“The funds they are receiving are inadequate for the simplest of lifestyle,” Uytenbogaart said.

“Many (of our clients) don’t have enough money at the end of the month to buy food.”

A recent report by Food Banks Canada found food bank usage across Canada hit all-time high earlier this year.

High inflation, low social assistance rates, skyrocketing food and housing costs were all cited as key factors in the rise.

The annual report, which was released on Oct. 27, found there were nearly 1.5 million visits to food banks in March 2022, which is 15 per cent higher than the number of visits in the same month last year and 35 per cent higher than visits in March 2019 before the pandemic hit. Roughly one third of those food bank clients are children, it found.

Food Bank

Long-time drop-in worker Diana Chan McNally helps some of the city’s most vulnerable unhoused people and those in precarious housing situations who come to nearby All-Saints Church-Community Centre for assistance.

Among other things, the organization serves hot meals to people in the community nine times a week.

She said many who live and stay in this part of the city, which McNally described as the “epicentre of homelessness in Canada,” may not have or even be able to use a kitchen to prepare meals.

While some visit a food banks, others, she said, rely on local programs that offer takeaway meals.

“Meal programs are actually the most accessible, but they’re the least thought about,” she said.

McNally said she’s seen the demand in the community for food and other supports grow “astronomically” since the start of the pandemic, and even more so recently with rising inflation, inadequate social assistance funding, and the city’s shelter system stretched to the brink.

“It’s really hard to keep up. … The situation is worse than ever before. What I’m seeing now is just beyond,” McNally said. “The whole system is just breaking.”

Aaron, of the Saint Luke’s meal program, said he’s never seen so many people outside.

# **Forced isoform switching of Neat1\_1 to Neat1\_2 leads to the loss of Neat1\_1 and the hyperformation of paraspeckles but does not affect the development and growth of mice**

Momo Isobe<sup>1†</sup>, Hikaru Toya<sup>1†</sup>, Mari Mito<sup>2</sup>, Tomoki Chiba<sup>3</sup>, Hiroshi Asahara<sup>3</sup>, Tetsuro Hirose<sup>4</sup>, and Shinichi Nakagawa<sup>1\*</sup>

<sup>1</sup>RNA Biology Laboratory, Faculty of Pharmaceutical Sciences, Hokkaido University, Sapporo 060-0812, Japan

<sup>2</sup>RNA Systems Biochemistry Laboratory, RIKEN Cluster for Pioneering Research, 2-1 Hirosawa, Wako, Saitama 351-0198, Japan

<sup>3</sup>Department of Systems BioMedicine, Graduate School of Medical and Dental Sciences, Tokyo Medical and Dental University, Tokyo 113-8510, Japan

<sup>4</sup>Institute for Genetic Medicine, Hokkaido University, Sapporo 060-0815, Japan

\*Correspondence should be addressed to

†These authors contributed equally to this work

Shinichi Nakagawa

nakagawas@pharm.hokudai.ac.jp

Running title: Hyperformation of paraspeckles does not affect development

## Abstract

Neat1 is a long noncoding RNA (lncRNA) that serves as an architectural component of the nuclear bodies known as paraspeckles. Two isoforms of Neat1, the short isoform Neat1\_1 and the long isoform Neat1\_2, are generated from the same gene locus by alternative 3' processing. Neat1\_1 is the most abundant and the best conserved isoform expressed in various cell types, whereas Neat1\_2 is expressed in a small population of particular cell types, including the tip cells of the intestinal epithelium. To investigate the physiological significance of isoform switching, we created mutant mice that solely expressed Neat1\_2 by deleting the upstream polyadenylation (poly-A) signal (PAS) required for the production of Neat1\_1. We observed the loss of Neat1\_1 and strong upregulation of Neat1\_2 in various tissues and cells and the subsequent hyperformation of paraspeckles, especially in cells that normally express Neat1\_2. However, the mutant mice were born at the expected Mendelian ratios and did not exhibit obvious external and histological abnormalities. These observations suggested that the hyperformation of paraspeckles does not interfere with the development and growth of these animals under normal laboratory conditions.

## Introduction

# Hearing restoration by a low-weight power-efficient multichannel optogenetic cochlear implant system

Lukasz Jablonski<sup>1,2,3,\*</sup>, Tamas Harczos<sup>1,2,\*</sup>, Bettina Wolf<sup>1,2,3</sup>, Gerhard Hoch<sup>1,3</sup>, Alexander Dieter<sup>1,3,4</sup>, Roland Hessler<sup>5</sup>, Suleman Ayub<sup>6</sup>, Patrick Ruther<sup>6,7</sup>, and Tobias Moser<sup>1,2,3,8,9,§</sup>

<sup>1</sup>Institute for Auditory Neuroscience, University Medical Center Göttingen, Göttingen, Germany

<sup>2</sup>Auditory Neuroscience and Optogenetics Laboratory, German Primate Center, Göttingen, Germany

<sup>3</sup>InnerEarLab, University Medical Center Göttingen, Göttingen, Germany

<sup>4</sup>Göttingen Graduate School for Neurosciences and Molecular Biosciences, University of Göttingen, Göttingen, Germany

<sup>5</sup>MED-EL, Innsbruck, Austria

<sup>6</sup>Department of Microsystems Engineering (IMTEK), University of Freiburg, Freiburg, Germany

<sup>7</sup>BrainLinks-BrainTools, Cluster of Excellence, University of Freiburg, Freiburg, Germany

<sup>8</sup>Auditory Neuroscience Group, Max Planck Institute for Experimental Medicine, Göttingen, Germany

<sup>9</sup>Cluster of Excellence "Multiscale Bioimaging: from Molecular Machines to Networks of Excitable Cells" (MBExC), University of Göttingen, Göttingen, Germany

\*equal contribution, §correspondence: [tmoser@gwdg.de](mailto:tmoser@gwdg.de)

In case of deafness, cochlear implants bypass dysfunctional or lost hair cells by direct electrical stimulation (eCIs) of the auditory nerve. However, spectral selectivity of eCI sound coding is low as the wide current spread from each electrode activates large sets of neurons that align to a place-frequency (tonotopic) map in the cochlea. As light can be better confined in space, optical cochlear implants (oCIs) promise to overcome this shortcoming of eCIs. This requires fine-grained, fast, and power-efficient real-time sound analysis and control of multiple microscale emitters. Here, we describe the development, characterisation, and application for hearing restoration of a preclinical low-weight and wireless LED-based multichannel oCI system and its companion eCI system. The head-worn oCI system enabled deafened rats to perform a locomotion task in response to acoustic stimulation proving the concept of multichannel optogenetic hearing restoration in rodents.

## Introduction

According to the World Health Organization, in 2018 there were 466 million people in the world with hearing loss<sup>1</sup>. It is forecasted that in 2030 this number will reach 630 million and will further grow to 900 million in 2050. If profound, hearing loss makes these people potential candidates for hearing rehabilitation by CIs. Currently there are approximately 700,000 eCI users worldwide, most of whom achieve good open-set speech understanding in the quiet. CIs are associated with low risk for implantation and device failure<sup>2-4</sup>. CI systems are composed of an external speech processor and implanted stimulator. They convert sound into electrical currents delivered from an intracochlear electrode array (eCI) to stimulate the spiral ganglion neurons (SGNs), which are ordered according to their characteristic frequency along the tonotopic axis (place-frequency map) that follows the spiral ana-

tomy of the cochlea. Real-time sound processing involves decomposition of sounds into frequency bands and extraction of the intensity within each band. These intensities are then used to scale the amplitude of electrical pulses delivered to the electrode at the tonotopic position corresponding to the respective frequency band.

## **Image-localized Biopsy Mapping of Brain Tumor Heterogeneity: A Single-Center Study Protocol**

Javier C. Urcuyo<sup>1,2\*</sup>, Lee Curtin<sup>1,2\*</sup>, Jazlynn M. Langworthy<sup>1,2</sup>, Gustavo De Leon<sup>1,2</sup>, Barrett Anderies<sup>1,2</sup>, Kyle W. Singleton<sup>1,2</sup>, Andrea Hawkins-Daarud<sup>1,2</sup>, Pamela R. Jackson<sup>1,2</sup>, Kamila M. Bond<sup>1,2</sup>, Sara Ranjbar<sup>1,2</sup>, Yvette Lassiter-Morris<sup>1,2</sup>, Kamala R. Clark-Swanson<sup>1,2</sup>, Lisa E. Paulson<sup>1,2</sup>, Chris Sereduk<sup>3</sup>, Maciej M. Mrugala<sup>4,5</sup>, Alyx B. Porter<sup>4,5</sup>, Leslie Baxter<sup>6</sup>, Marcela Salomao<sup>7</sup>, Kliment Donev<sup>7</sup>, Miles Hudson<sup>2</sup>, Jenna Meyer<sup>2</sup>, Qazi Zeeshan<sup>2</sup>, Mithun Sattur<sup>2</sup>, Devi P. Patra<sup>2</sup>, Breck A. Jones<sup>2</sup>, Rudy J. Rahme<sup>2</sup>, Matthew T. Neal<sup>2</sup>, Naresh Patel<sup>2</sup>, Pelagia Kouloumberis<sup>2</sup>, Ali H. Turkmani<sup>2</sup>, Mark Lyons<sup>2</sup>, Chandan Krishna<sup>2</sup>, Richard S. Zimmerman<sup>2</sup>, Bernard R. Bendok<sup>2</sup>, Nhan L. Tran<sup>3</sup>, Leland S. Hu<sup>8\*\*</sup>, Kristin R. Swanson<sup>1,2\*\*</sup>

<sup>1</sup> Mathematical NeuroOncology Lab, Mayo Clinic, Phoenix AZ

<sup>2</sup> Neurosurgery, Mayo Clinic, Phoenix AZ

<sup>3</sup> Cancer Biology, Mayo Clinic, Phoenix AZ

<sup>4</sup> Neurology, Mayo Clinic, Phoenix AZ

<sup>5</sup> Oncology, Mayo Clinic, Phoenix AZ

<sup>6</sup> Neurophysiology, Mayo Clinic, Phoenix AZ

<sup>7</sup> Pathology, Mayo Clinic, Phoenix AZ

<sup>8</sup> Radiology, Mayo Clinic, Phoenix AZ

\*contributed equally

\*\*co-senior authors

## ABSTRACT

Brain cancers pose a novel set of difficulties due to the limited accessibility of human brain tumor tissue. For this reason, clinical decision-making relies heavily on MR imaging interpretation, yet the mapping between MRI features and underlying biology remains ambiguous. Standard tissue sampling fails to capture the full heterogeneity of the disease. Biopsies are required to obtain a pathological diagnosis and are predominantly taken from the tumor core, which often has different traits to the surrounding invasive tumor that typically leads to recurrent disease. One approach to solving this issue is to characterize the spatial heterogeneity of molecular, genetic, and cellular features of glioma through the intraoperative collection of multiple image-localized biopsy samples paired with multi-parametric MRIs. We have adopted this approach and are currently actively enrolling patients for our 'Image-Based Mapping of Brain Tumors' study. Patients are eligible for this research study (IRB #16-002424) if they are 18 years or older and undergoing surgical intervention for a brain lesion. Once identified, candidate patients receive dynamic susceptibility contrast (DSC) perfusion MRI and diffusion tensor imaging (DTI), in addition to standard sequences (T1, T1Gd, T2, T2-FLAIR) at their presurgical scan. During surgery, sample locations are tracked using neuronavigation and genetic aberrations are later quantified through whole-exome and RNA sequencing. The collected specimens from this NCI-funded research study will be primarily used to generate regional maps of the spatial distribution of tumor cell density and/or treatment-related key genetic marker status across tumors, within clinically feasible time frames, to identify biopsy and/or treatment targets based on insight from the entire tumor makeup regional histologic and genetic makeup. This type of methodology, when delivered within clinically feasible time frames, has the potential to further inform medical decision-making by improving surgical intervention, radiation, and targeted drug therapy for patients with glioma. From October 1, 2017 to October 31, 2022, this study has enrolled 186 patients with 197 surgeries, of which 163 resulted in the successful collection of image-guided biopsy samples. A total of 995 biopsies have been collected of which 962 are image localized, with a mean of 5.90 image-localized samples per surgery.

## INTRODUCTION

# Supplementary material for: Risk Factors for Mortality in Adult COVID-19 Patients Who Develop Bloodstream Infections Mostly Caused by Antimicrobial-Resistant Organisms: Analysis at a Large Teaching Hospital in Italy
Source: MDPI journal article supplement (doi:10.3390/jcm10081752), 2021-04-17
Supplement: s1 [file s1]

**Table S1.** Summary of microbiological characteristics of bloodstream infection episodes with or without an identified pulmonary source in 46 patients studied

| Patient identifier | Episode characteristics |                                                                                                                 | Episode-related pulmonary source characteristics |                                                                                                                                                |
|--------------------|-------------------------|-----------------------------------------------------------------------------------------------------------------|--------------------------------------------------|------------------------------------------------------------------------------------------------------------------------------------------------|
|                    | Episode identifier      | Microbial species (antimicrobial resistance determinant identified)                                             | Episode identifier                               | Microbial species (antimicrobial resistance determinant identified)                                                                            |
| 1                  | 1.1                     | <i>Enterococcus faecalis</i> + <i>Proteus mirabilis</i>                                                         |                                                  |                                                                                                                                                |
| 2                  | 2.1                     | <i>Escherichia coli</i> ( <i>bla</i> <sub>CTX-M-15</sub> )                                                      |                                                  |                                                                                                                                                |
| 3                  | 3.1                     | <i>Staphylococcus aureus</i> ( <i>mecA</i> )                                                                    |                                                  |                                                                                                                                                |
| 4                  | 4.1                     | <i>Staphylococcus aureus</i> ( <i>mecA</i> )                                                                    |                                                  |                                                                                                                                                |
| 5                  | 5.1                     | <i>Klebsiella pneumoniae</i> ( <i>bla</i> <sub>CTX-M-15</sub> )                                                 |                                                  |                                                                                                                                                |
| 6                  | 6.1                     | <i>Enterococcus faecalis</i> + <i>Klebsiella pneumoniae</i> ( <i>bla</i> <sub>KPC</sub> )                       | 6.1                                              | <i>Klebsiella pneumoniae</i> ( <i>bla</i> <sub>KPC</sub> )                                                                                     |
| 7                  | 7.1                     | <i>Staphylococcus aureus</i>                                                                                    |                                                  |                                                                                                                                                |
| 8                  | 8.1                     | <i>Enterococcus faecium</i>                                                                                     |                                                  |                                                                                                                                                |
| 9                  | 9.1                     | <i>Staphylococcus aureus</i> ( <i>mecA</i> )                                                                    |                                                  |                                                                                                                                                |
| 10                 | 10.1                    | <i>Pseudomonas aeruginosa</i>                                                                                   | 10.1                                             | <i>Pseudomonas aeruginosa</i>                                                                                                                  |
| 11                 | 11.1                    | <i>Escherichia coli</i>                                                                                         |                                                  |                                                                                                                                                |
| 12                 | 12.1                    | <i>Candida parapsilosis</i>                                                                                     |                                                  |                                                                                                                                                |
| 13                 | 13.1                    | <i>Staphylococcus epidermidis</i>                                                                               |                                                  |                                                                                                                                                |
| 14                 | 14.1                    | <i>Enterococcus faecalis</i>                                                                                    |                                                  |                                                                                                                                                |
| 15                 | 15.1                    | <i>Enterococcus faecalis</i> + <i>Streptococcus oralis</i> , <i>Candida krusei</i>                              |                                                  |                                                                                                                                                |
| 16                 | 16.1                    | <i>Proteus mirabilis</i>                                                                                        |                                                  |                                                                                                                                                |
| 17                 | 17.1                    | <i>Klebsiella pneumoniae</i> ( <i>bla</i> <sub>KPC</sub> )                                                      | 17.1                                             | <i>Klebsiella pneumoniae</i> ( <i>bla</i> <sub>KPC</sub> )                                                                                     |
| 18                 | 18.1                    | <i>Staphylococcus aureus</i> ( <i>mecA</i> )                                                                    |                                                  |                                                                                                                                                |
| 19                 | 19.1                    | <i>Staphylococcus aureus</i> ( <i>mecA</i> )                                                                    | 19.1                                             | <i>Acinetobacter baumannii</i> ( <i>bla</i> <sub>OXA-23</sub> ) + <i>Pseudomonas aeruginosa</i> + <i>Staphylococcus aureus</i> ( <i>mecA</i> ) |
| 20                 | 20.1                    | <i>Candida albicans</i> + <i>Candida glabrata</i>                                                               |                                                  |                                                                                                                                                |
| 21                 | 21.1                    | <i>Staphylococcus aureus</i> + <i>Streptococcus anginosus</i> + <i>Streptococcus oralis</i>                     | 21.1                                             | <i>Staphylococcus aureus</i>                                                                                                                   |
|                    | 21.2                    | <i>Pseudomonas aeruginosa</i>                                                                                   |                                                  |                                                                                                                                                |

“It’s a chasm. The shelter hotels are closing, there are program cutbacks, rising rent, high inflation, and not enough shelter beds. All of these things are happening at once,” he said.

“If we close, the reverberations will be felt throughout this community. It could be a matter of life or death for people.”

Aaron said the decision they’re faced with – who can or cannot eat – is “gut-wrenching.”

The hope, he said, is that they will find enough money to continue to operate the program uninterrupted through the end of 2022. But the fiscal challenges will likely re-emerge in 2023 should demand remain elevated, he warned.

“We’re always in a desperate situation,” he shared.

“It’s hard to sustain.”

The City of Toronto previously funded a number of Out of the Cold programs, which were delivered by various faith-based groups across the city.

That funding, however, was discontinued following the 2020/2021 winter season and was redirected to providing permanent shelter spaces.

“The city is currently providing safe shelter and wrap around supports, including meals, to approximately 8,200 individuals each night. This represents an increase of 1,600 more people a night than this time last year,” a statement provided to notes.

With files from The Canadian Press.